Review of With Malice by Eileen Cook

With Malice by Eileen Cook

It was the perfect trip…until it wasn’t.

Eighteen-year-old Jill Charron wakes up in a hospital room, leg in a cast, stitches in her face and a big blank canvas where the last six weeks should be. She discovers she was involved in a fatal car accident while on a school trip in Italy. A trip she doesn’t even remember taking. She was jetted home by her affluent father in order to receive quality care. Care that includes a lawyer. And a press team. Because maybe the accident…wasn’t an accident.

As the accident makes national headlines, Jill finds herself at the center of a murder investigation. It doesn’t help that the media is portraying her as a sociopath who killed her bubbly best friend, Simone, in a jealous rage. With the evidence mounting against her, there’s only one thing Jill knows for sure: She would never hurt Simone. But what really happened? Questioning who she can trust and what she’s capable of, Jill desperately tries to piece together the events of the past six weeks before she loses her thin hold on her once-perfect life.

(Summary from GoodReads)

I’m not a huge fan of adult thrillers, because whenever I read young adult thrillers, they’re just so much better. I was drawn to the setting of With Malice, because if I can’t go to Italy, I can at least read a book that’s set partially in Italy, right? Although I found With Malice to be a bit predictable, it holds an important place in the world of young adult thrillers.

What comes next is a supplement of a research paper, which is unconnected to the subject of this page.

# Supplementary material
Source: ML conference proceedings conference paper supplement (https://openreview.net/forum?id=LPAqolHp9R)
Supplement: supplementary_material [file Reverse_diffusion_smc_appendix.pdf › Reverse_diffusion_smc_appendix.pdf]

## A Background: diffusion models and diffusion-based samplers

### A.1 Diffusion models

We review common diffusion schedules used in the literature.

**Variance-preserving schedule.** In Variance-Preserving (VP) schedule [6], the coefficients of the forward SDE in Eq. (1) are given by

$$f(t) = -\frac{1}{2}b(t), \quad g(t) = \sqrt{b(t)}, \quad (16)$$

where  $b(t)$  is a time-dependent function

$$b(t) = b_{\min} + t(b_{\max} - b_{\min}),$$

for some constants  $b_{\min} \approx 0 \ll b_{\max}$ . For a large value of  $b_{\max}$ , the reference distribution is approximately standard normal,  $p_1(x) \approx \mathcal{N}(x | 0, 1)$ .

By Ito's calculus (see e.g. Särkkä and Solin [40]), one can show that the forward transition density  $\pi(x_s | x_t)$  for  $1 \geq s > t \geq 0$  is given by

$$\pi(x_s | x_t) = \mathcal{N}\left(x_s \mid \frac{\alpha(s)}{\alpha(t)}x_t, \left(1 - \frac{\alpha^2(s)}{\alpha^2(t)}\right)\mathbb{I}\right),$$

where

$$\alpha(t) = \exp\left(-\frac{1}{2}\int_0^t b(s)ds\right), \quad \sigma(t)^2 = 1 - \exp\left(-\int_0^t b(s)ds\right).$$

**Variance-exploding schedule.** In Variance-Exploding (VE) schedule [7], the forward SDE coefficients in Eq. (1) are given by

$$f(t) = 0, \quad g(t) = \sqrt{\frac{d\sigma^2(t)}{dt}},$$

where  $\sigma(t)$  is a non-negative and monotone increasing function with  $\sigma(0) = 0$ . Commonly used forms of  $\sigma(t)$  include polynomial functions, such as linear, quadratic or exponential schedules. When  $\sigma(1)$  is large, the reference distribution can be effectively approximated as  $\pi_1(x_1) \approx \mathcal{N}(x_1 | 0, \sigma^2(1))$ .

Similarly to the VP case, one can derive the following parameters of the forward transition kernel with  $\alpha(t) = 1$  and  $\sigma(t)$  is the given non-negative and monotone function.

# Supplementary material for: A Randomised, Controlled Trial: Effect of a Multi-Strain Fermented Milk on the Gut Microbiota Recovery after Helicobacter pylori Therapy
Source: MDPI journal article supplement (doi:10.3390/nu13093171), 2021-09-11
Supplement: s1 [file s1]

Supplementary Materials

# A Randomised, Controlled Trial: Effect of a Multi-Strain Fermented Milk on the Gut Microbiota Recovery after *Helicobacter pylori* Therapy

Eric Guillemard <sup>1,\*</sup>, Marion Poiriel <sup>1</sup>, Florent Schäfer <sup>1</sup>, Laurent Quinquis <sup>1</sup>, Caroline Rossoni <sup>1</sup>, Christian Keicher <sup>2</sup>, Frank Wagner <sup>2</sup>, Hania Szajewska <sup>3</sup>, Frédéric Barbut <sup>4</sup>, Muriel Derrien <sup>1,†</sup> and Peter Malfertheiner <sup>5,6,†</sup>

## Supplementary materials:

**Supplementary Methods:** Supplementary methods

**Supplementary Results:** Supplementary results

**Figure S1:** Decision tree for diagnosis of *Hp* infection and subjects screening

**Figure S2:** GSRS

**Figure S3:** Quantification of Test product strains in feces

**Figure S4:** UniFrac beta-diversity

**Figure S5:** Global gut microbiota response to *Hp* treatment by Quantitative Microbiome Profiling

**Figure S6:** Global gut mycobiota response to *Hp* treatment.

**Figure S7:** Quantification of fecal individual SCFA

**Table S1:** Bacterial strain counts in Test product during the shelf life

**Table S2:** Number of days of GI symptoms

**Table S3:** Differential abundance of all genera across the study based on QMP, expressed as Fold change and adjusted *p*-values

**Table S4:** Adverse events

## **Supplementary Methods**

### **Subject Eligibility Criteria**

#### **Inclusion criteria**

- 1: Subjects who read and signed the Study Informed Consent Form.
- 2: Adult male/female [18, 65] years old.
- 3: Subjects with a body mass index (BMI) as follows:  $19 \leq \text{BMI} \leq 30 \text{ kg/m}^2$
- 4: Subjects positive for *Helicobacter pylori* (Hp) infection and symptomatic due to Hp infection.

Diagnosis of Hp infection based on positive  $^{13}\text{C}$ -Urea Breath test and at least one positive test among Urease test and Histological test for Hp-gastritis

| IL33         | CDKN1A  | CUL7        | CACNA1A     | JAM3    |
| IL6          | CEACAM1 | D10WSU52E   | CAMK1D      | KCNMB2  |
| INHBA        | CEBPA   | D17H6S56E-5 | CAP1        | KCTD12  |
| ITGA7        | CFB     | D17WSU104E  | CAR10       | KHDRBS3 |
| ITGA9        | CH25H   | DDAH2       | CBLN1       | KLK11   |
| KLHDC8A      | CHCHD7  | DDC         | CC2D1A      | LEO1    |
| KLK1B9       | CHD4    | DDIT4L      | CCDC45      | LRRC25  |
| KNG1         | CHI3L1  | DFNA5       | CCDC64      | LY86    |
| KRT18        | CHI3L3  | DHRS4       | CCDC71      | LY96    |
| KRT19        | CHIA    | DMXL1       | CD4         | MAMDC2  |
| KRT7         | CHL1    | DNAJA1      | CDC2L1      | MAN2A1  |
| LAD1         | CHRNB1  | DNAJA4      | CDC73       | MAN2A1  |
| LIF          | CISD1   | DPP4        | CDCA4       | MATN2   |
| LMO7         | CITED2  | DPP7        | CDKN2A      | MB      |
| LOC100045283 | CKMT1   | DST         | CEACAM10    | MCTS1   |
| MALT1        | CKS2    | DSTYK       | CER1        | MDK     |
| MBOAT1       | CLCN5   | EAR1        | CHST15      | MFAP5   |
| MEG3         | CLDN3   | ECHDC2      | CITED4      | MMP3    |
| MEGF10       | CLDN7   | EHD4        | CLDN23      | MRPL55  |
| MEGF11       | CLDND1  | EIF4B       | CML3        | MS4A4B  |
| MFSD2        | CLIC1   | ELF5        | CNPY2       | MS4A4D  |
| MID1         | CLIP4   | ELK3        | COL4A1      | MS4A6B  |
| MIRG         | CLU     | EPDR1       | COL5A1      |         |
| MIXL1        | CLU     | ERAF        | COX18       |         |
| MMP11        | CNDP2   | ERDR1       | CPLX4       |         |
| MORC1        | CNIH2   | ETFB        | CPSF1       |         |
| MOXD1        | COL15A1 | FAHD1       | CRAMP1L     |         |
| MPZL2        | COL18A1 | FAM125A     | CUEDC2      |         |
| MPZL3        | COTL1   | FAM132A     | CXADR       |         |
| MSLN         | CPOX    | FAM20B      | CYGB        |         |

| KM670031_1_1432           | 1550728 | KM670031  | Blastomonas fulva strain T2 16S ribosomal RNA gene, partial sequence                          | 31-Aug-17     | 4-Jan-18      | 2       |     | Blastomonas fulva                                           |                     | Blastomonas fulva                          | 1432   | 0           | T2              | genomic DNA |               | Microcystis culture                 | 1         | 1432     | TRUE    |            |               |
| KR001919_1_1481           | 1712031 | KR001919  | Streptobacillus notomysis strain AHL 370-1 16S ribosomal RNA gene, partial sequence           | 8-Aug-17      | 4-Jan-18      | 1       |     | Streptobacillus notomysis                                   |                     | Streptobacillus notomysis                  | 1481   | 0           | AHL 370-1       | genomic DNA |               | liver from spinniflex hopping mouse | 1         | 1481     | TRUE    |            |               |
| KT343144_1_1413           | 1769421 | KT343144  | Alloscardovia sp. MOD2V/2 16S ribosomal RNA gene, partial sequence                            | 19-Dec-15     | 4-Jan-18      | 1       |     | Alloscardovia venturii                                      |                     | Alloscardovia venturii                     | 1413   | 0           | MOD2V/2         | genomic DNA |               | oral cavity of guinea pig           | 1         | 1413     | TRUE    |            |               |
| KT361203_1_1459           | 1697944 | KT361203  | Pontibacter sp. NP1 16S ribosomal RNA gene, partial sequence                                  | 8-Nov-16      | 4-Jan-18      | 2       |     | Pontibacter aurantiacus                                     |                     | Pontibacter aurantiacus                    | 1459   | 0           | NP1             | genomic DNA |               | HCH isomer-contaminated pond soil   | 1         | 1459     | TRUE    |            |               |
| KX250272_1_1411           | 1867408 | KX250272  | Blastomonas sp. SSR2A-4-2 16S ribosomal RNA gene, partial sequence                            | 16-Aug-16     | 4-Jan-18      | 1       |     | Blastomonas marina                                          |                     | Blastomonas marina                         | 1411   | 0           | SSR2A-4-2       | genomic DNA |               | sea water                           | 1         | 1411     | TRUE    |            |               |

I love how a lot of thrillers written for teens focus on female friendships. It’s something that Dangerous Girls does, and Cook does an excellent job of it here as well. Of course, this one plays with the idea that Jill may never remember exactly what happened.

With Malice stands out because it plays with privilege in so many ways. While in rehab, Jill rooms with a girl named Anna Lopez, which is eye opening for her in a lot of ways. Jill also spends the novel dealing with her father and her sleazy lawyer, who are primarily looking out for her father’s good.

Cook’s novel is great because it explores gender and privilege. As far as Dangerous Girl comparisons, this one is better for readers who are more into storylines involving memory loss. While not a personal favorite, this was still a solid read, and I think a lot of teens will speed through it.

Disclosure: I purchased a copy of this book from the library.


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